You are more than just a score


Makenna Orrick, Feature Editor

Today’s youth is overwhelmed with significantly more academic pressures than we could ever imagine. 

Beginning in elementary school, many students experience extensive pressure on test performance, and many states require students to pass standardized tests in order to be qualified to move onto the next grade, or to get into a good college. 

This pressure can lead students to develop testing anxiety, a lack of self-confidence, and could also be detrimental to their academic performances later down the line. So why put so much pressure on standardized tests?

Standardized tests, like the SAT, the ACT or any others that measure all students at a certain educational level, are used to judge the abilities of a student. 

“There’s just so much pressure to get higher scores. Your ACT score means money, scholarships, opportunities. If your score isn’t high enough, and you don’t qualify for the scholarships you need, that could mean not going to the schools you want. There is so much anxiety involved in the whole process” states Rachel Johnson, a senior at Coffee County Central Highschool. 

 Many factors come into play when requiring such a draining test for higher education. While tests will give you an accurate score based solely on how many questions you got correct, you cannot judge someone’s intelligence through a multiple-choice test. 

On these tests, students must require or demonstrate some valuable knowledge or skill, like knowing how to add or substrate or understanding the causes and effects of the Civil War. It is entirely possible for students to fail tests on such topics and still have the mathematical abilities or historical knowledge to succeed in the real world.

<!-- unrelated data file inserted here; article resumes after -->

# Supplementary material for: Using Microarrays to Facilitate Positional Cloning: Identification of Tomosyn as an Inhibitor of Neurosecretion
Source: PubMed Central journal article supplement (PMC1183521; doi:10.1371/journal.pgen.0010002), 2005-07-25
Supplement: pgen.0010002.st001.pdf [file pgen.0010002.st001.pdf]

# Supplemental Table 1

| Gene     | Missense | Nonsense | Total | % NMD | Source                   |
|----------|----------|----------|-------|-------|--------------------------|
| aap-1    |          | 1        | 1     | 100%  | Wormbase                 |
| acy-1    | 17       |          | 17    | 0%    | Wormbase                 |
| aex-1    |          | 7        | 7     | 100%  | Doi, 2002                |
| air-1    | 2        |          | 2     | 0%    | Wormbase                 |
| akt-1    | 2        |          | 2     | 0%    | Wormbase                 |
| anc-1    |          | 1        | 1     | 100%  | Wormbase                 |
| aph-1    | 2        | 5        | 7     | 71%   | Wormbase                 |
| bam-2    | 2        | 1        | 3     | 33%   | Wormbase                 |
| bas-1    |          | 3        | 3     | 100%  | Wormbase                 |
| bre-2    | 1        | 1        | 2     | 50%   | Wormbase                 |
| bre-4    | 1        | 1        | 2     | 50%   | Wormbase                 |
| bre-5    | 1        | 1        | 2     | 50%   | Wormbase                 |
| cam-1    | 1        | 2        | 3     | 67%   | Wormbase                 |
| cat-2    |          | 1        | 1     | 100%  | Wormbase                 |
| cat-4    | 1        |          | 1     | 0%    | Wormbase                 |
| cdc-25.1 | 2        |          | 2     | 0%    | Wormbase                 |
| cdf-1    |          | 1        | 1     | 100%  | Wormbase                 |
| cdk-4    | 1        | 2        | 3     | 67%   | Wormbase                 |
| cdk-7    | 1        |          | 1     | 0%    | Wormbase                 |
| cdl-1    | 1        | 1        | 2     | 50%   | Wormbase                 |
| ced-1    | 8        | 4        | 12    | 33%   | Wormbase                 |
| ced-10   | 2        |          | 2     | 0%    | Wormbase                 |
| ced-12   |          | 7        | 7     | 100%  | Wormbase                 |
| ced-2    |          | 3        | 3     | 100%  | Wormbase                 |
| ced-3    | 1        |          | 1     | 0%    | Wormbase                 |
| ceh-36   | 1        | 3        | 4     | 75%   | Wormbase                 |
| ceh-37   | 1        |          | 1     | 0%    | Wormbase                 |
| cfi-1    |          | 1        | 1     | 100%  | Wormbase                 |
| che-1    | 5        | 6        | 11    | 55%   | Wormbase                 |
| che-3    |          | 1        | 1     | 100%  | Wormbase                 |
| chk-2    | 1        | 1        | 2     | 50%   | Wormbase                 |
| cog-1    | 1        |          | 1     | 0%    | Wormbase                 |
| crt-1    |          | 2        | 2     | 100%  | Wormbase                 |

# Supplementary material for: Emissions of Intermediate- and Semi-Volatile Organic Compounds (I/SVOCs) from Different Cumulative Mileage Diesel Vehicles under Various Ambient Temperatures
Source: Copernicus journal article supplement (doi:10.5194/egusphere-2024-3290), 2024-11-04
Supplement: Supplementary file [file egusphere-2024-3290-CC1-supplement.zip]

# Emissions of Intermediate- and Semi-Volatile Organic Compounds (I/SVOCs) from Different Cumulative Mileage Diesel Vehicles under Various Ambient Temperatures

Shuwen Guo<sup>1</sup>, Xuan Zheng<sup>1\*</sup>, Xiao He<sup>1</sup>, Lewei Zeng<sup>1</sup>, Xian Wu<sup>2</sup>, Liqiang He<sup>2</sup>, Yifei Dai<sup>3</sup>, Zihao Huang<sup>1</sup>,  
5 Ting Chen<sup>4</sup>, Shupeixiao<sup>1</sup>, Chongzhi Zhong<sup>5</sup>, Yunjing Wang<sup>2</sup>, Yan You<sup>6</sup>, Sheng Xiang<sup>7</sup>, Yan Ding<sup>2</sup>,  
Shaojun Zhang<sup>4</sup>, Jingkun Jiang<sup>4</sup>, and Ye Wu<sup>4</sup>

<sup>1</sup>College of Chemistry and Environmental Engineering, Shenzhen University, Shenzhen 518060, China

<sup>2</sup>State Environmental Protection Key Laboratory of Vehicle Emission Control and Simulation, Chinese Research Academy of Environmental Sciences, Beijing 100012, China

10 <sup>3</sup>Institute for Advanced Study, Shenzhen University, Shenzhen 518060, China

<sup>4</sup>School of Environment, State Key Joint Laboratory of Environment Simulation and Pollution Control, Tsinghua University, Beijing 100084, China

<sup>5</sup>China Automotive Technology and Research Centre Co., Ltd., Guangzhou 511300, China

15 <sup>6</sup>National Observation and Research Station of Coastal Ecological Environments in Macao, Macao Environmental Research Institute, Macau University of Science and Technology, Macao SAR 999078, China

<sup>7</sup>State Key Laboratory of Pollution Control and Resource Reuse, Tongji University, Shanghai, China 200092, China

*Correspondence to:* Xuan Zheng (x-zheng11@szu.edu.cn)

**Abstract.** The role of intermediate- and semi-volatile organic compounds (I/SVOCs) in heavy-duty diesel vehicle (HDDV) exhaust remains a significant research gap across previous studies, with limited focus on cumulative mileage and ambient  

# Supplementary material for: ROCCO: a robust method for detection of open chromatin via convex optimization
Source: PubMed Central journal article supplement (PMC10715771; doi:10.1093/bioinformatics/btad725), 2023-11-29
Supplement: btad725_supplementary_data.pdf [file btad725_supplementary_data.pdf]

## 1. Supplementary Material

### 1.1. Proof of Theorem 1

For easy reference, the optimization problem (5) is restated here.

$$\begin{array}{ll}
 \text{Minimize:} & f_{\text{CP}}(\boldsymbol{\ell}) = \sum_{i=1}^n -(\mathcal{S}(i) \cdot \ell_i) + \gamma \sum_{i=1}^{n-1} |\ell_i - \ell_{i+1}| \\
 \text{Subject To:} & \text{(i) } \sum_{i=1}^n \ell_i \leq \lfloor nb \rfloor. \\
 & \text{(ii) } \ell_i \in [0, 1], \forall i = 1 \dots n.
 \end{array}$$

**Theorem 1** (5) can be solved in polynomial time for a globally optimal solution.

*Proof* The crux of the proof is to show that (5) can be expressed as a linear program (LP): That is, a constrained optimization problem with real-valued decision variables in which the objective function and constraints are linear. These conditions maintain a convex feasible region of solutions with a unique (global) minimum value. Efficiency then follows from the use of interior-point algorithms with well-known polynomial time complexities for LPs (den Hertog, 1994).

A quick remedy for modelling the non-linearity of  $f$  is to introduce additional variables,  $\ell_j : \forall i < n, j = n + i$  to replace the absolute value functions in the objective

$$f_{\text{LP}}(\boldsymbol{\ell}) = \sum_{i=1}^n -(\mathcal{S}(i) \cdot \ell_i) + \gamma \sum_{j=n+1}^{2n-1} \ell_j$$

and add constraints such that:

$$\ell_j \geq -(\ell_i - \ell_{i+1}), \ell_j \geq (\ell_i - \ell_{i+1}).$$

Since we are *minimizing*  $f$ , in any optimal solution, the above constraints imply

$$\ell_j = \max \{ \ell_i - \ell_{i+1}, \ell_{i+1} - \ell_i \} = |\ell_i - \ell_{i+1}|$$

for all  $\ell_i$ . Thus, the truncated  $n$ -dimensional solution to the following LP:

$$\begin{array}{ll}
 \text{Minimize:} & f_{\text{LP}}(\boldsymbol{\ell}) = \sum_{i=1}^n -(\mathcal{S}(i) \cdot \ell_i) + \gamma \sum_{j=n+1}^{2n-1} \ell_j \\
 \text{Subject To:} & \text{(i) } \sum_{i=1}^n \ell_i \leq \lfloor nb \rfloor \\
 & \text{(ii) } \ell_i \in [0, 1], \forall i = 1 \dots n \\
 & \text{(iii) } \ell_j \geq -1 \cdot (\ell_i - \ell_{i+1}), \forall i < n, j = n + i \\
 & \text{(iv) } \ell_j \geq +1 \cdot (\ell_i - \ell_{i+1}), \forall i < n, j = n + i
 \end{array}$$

A score may not always accurately portray someone’s knowledge of a subject. People learn in countless different ways. Some are able to see an example and copy it, while others have to be hands-on to fully get the subject taught to them. 

Possessing the ability to comprehend what you are told and copy it helps you achieve a higher score on an ACT or SAT test, but for those who learn differently, their ACT scores don’t always reflect their intelligence. All students are different, from the way they learn to their test-taking abilities. 

Senior Landon Crabtree states, “ The ACT is one of the driving factors of my future. A good ACT score means better acceptance chances and better scholarship money, and that in turn sets me up for my future. Personally, there isn’t a lot of pressure on me. I took the ACT my sophomore year, so I know what to expect, but a lot of other seniors will be taking it for the first time, so I understand the pressure they may be feeling. I like to think I’m a good test taker, I got a 28 my sophomore year, so standardized tests are definitely something I understand how to take!”

At times students’ scores reflect entirely on the teacher’s ability to prepare and educate a classroom. Most students’ daily experiences in the classroom revolve around the end of the year tests and exams. 

Schools need to find a balance in mandating standardized tests and advising students to know that their intelligence and worth is not based on their score.

In no way am I saying testing is not important to keep students accountable for learning and prepared for higher education, but we should not stigmatize students for a disappointing and frustrating score. 

The stereotype of the higher the score the more intelligent you are is simply not true. While some work hard for the scores and grades they receive, others are able to cheat the system and get scores to be considered advanced without the hard work. 

A standardized test can measure a person’s grasp on math, history, health, or science. But can it measure how much potential you really have?